Cannabis continues to surprise people – both skeptics and enthusiasts. However, it would be prudent to let science have the last word because basing decisions on science helps us to create a foundation of truth and knowledge, upon which we can debate on further issues ranging from ethics to philosophy.
There’s so much literature out there (most of them vague, subjective and downright wrong) that sometimes, it gets very difficult for the reader to really separate the wheat from the chaff. This post intends to clarify a few aspects of the cannabis plant with respect to the human body from a scientific point of view, namely what’s exactly inside (the outside would be the plant’s stem, hurd, root etc.) the cannabis plant that causes the human being’s bodily functions to react in different ways upon their consumption for recreational or medicinal purposes.
According to botanists, there are three species of the cannabis plant as explained below:
- Cannabis Sativa
- Cannabis Indica
- Cannabis Ruderalis
The main differences between the three species include their external attributes (size, shape, colour and texture) and internal attributes (varying amounts of compounds. Which compounds, you may ask? That’s explained below).
Before we begin discussing the chemical compounds present in the cannabis plant and their ‘activating’ similarities to the compounds produced by our own bodies, we need to always remember cannabis’ close interaction with the human endocannabinoid system and its relevance to the fundamental biological concept: homeostasis, which can simply be understood as our body’s regulatory mechanism to ensure that operational conditions remain neither too strong nor weak, but just right, within a perfect range of stability and equilibrium. Just like how our body best operates within the temperature range of 36.1 degree Celsius to 37.2 degree Celsius. If say, due to an external condition, this range exceeds or drops, we tend to fall ill since homeostasis has been broken.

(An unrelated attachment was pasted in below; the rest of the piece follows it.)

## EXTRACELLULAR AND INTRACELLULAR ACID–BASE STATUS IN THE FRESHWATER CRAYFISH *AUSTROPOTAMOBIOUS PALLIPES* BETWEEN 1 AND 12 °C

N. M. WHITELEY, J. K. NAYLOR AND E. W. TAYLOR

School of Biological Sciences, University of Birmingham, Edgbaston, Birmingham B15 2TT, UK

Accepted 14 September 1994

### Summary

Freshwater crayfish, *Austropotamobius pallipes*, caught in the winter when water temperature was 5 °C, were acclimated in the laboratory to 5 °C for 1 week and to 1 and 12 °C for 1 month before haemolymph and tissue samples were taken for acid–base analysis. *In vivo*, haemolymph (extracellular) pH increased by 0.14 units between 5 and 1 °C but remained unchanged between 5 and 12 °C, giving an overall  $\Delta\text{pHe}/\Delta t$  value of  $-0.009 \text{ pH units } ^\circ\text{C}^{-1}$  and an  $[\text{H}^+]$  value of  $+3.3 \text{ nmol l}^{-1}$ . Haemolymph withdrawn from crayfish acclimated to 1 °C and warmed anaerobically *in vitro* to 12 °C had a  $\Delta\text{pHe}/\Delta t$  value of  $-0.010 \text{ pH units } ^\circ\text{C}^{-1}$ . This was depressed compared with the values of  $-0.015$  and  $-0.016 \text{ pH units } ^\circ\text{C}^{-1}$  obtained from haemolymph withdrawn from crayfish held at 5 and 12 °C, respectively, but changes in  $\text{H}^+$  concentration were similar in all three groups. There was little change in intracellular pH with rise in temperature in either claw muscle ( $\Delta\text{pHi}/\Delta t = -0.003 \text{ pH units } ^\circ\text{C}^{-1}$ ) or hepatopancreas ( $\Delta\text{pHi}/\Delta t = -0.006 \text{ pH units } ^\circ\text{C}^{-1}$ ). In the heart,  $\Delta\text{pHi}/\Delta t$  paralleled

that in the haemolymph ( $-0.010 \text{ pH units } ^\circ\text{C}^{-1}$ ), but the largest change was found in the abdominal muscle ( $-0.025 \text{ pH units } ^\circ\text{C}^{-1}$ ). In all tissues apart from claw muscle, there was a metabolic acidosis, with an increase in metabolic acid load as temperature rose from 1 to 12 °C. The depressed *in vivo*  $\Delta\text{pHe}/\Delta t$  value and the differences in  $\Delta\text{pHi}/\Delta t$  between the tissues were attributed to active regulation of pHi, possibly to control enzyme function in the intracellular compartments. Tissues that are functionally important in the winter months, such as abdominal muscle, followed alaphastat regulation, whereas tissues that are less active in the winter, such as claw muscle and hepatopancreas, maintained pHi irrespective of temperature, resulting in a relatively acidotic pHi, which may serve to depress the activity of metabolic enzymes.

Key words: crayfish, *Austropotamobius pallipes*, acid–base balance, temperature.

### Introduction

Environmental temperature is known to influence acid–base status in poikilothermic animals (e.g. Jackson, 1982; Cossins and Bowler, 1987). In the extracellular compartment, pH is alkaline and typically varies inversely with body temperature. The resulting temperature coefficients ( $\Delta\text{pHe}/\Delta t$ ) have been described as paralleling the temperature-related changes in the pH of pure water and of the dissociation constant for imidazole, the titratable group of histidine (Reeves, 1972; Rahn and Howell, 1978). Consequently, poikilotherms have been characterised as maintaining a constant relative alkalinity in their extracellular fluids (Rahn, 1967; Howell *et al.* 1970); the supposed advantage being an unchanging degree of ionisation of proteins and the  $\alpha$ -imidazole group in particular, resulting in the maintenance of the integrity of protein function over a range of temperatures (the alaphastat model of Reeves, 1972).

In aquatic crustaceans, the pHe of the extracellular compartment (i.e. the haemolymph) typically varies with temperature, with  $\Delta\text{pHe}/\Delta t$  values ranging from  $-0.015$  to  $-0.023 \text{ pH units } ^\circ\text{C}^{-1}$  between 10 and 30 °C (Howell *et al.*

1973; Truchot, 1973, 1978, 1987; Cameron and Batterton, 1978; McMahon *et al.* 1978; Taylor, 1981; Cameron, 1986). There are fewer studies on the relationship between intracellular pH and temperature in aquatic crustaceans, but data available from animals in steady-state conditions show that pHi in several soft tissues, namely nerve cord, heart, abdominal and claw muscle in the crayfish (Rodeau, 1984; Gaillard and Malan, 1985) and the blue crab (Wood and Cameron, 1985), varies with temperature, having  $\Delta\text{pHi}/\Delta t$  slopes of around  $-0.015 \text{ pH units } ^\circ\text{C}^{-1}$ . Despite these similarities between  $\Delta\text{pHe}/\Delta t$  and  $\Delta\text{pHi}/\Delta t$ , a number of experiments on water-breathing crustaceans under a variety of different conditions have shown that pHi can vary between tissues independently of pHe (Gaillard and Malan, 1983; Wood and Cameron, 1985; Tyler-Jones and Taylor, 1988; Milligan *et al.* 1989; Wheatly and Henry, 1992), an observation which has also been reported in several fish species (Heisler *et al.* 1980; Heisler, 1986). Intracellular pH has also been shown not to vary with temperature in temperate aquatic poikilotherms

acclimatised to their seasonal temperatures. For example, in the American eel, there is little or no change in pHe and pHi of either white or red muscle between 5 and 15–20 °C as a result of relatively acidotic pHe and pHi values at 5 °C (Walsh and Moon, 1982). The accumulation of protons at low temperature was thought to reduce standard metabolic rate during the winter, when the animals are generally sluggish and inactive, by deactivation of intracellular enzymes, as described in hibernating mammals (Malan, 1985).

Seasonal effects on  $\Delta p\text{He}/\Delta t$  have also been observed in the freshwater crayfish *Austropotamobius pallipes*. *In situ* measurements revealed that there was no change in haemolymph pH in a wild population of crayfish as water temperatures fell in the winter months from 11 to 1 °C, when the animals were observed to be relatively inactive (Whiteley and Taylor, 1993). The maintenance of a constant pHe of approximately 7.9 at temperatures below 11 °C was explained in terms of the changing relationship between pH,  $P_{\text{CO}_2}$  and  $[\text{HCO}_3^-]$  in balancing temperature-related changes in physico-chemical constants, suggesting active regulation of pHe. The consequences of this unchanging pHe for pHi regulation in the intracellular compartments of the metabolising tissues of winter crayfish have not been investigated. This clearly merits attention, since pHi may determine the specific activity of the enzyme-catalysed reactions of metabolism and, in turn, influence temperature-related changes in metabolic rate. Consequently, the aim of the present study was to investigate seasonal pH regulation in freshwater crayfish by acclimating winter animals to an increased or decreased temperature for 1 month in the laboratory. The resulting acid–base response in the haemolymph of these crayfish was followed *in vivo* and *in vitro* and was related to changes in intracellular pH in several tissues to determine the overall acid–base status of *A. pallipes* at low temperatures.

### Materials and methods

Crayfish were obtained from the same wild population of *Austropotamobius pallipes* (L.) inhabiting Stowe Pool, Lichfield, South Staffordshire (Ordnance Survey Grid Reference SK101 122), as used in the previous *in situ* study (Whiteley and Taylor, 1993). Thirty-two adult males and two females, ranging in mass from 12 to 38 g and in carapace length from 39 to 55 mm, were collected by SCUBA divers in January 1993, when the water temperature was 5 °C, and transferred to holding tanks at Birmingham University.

Our body produces cannabinoid compounds called endocannabinoids while the cannabis plant produces cannabinoid compounds called phytocannabinoids. Basically, cannabinoids are the compounds that ‘activate’ the receptors (scientists say there are five receptors, but two of the most studied are CB1 and CB2) which constitute the human endocannabinoid system – which is us, human beings.
This illustrates the thought that human beings and cannabis can form a union. After all, what’re the odds that nature evolves a class of compounds in both humans and cannabis to activate the human being’s wellness system? A system that lies at the root of regulating all moods and behaviours of the human being?
The main cannabinoids produced by human beings are –
- Anandamide (N-arachidonoylethanolamide)
- 2-arachidonoyl glycerol (2-AG)
- 2-arachidonoyl-glyceryl-ether (Noladin ether)
- O-arachidonoyl-ethanolamine (Virodhamine)
- N-arachidonoyl-dopamine (NADA)
While the actual number of cannabinoids discovered in cannabis number around 150 (out of a total of over 400 compounds in cannabis), below are the main cannabinoids in terms of how much they have been studied so far:
- CBG (Cannabigerol)
- THC (Δ9–tetrahydrocannabinol)
- CBD (Cannabidiol)
- CBC (Cannabichromene)
- CBGV (Cannabigerivarin)
- THCV (Tetrahydrocannabivarin)
- CBDV (Cannabidivarin)
- CBCV (Cannabichromevarin)
Remember, except THC, which has been studied the most, the rest of the cannabinoids are not known for their psychoactive effects, although that may have changed now, since there are new reports which say that scientists have discovered two new cannabinoids as recently as last week, in which one could possibly be much much more psychoactive than THC.